boundaries where the hands stay within. This box is roughly between the right
and left shoulders horizontally and between the level of the shoulders and level
of the hips vertically.

To stay in the box means that the hands do not chase anything outside these set
boundaries, thereby keeping the body and limbs under control at all times. In
other words, do not reach out to stop a strike. This only gives away the
initiative and breaks centerline discipline.
Individual hand techniques should not be applied directly out of this form, as
every movement has many meanings and can be used for multiple purposes.
Although the following may be difficult to explain, take for example the
sequence pac sao oi jut sao wong jern (slapping hand outside snapping
wrist sideways palm). These could be applied as one movement together or
used sequentially. Pac sao (slapping hand) can be used offensively or
defensively. Sometimes people can over-interpret the meaning behind the
movements. For example, the double sot sao (throat-cutting hand) is not
necessarily intended for you to strike two flanking opponents simultaneously
(although I suppose it could be done if one could actually get two opponents to
line up precisely for you).
Rather, this movement is to teach the correct alignment of the arms and hips in
order to execute a powerful strike.
Sil nim tao is to teach you how to use and control your arms while keeping
your body aligned. Hand techniques are far more effective when the rest of the
body is properly aligned.

Seemingly, movements merely involve the physical aspect. However,


repetition eventually brings about a closer connection between both brain
hemispheres. This is why both sides are performed in the same way. When one
can develop oneness of the body and mind, one will eventually realize a
deeper spiritual understanding of the art (imagination). Hence, essential
concepts and principles will become clearer.
One should not seek to fight with wing chun. In other words, one does not seek
to use this or that stance but rather engaging from where you are at any moment.
Simply allow the tools learned to apply themselves. The premise that a wing
chun practitioner should attempt to fight from the classical stance or pose is not
realistic and is a gross misinterpretation. One must understand that stances are
merely snap shots of a continuous mobile process. As one circles his opponent,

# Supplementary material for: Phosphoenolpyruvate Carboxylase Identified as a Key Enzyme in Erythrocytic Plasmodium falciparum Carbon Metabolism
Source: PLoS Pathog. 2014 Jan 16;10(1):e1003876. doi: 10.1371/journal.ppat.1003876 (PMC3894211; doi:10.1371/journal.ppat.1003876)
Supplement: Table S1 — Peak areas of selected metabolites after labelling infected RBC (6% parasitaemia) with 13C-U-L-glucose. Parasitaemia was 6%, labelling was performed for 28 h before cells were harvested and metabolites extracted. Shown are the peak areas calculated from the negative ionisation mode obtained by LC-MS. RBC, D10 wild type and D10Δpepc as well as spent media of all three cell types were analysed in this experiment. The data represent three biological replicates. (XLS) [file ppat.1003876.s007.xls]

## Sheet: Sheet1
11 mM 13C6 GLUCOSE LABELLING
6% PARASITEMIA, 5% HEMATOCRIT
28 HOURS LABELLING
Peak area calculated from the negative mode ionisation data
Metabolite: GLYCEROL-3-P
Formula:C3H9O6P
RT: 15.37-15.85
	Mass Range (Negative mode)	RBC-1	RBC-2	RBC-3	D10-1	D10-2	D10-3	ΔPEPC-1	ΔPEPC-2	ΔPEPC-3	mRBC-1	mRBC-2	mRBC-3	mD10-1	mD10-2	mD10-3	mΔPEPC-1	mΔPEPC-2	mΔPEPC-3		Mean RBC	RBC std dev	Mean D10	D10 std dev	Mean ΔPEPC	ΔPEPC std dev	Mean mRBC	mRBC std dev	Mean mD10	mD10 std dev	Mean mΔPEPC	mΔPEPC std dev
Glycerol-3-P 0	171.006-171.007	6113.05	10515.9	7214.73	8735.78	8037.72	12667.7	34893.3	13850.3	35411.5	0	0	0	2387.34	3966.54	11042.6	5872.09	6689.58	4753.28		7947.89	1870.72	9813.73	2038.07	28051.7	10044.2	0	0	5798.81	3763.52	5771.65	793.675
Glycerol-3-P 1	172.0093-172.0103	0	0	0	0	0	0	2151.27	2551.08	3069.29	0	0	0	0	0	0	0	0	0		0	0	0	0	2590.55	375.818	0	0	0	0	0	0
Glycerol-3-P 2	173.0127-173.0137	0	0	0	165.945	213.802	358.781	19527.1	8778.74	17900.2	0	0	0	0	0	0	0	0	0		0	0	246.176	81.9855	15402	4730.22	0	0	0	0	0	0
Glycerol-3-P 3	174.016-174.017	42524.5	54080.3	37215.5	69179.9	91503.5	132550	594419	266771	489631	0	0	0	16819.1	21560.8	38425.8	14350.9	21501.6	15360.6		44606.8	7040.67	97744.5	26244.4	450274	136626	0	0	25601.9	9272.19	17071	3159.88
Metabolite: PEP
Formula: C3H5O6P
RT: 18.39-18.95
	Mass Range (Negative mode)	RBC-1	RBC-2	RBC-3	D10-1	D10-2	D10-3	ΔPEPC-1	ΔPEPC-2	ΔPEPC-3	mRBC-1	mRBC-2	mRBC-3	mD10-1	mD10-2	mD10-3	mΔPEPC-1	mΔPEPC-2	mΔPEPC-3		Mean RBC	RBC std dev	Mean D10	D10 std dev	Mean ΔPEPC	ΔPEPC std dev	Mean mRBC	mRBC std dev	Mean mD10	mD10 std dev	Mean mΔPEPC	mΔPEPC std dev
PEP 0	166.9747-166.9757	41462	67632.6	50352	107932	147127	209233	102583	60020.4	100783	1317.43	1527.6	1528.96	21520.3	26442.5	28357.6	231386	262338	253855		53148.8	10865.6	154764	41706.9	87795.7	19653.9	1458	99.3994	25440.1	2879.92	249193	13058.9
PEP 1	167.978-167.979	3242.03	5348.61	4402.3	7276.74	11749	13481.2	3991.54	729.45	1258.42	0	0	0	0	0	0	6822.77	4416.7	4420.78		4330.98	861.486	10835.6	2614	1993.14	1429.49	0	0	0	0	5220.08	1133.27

he will phase in and out of each stance or posture not using any one stance but
all.

Static training teaches the student sectoring, angling, leveraging, and drawing
out certain responses from an opponent. However, students should not confine
themselves to a particular position and try to defend it. Learning to “root
oneself,” for instance, is to learn how to generate power from the ground, not
to defend a particular piece of territory. One only needs to look at history
(Masala, Maginot Line, Festoon Europa, Siegfried Line, etc.) to know that any
fortification, regardless how secure, can be overcome by a powerful, patient
opponent. Even though stances are an integral part of the overall learning
process, the application should be practiced more realistically from a mobile
base. This is precisely why jun fan gung fu was developed by its founder,
Bruce Lee, a wing chun practitioner and student of Yip Man. He wanted to
bring mobility to the art and nonrestrictive positioning to the practitioner. It is
unfortunate that current generations of practitioners are now degrading into
doing the same freeze-framing thing instead of what was once a mobile and
flowing art.

Wing chun should be practiced on three levels (or phases): forms (the
structure), drills (the fluid motion), and application (the strategy and tactics).
Most of the application that is taught today is usually at the technique level
only. In other words, an instructor can take the idea of tan sao from the form
and show a so-called application by adding a stance and a punch. They can
even show how it counters a punch using tan da, but this is still learning a
concept and technique. This is not real-time application. The only way to make
wing chun effective is to make it part of you, not separate from you.
“One does not do wing chun. Nothing is or is not wing chun.”